How much do you charge per word? How much should you charge per word? Really, it doesn't matter. When it comes to freelance writing rates all that matters is your hourly rate and whether or not it's enough to help you reach your financial goals.
Why Per Word Rates Don't Matter
Per word rates aren't a good tool for comparing writers or gigs for one basic reason. All gigs are not created equal. This is what baffles me when I see magazine writers who are used to $1.00 per word or more scoff at per word rates like $.25 or $.50 for completely different types of gigs. When people do that it's sometimes out of sheer ignorance of the differences of the job. Let's look at an example.
Let's take a $1.00 per word magazine feature, assuming 800 words. Your total pay would come to $800 for the project. But that project might take you 12 hours over the course of two weeks to write when you factor in interviews and other research and changes after editorial review. You earned around $67 per hour for that project.
Now let's look at an online writing gig. I'll even give you a specific example of a common project of my own. I have a specific client who generally pays $130 per blog post based on old bulk rates negotiated. When they order an article of 800 words, they're charged double that rate -- $260. These blog posts of that length take about an hour and a half to two hours to write and almost never require edits. They're usually beginner-level material or opinion pieces suited to blogs, and they're generally also in my direct specialty areas, making them relatively quick projects. That comes to a supposedly abysmal $0.325 per word. Yikes.
But hold on. What does that come to as an hourly rate? $130 - $173 per hour -- averaging nicely around my $150 per hour target billing rate. That's significantly more pay per hour than the magazine writing gig at a higher per word rate. And to get that bulk rate the client orders ten posts per month (most often around 400 words, with the same hourly rate range). That brings the total earned to $1300 per month and 10-15 hours worth of work. If they order fewer than ten articles they pay more per post, bringing the hourly rate up even higher.
The real perk is that ten articles over the course of the month is far from pushing burn out level. We're not talking about being forced to cram several articles in every hour of every day just to earn a mediocre rate. To make it even better, it's often easier to land these gigs than magazine writing gigs, especially if you're a new writer. The market is ever-growing.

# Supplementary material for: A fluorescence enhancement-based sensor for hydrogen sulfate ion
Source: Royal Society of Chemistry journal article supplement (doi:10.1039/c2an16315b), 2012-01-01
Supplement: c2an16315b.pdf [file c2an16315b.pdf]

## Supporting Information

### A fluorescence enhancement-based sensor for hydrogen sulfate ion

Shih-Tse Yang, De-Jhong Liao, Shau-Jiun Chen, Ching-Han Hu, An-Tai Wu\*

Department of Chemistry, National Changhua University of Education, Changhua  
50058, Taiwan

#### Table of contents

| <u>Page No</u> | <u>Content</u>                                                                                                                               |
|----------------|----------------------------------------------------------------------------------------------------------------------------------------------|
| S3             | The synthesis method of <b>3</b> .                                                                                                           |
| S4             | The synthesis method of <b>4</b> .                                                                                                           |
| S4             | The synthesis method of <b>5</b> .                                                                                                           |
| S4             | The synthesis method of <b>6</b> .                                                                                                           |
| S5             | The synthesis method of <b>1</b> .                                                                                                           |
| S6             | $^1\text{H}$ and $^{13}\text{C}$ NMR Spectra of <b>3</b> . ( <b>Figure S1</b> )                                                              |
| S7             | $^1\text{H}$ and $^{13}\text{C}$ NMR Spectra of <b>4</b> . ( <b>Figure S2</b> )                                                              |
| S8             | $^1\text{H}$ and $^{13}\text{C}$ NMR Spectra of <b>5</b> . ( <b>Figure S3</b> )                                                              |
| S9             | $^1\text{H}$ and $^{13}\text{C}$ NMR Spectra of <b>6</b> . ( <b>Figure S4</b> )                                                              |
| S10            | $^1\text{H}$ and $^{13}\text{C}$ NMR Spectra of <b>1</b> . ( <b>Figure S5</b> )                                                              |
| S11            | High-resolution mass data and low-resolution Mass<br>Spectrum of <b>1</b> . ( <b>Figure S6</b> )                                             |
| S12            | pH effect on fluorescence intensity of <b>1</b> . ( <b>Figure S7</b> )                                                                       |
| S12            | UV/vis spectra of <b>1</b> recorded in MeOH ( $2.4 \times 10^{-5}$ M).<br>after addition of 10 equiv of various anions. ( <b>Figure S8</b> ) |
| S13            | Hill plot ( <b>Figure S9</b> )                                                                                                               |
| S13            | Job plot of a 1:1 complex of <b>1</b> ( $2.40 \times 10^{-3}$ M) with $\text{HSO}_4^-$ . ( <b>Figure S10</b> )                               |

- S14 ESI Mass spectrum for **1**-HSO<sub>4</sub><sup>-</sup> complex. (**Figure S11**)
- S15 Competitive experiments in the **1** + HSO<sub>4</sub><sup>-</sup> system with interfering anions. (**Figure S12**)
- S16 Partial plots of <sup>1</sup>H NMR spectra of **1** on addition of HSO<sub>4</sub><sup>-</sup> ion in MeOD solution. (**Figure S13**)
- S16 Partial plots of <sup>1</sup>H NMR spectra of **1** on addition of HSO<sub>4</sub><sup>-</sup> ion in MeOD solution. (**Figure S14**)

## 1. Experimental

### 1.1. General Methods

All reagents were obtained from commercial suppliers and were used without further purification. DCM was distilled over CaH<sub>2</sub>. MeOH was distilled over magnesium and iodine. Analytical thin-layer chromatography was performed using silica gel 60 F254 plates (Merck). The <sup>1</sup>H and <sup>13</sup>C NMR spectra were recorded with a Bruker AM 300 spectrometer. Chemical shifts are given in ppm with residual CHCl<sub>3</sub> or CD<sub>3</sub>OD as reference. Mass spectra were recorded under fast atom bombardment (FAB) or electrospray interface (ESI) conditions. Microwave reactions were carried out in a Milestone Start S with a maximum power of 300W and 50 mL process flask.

Now that's not to say that there's anything wrong with magazine writing or the freelance writers who prefer the gigs. I'm just saying that before you automatically assume a gig isn't as good as yours, look at the numbers that actually matter. You might very well be earning less than you think. Per word rates are inherently misleading because they don't account for the actual work involved. Hourly rates do. That why I always suggest starting with hourly rates when setting your freelance writing rates and then convert it into your target per word rate.
Of course there are limits to that. There's a difference between a gig with reasonable expectations where you can earn a significant hourly rate and one with too little pay for what's expected of you. These are things like mill work or the cheap webmasters who want to pay $10 per article with a long list of requirements. These aren't sustainable long-term career options for freelancers who need to make a living out of their writing. And they require relying heavily on single clients or very few, putting you too much at the mercy of third parties. You can only go for so long before the constant breakneck pace catches up to you. You can only go so long before you get discouraged by a lack of actual growth in your freelance writing business. So yes, there are gigs that do pay far too low in per word rates. But that's because the same gigs pay too low in hourly rates, either forcing people to sacrifice marketing time to artificially inflate their billable hours or eventually burn out because there's no time left to pursue better freelance writing jobs.
So before you automatically assume a gig is a bad one because of a per word rate, figure out what you're really earning with those high per word rate gigs you take on. And then compare it to the hourly expectations of the other gig. Sometimes you'll be right and the lower per word rates will be a terrible deal for you as a professional writer. But in other cases you might just be surprised at how much more you could earn during your billable hours. Maybe it's time to look at things from a different angle.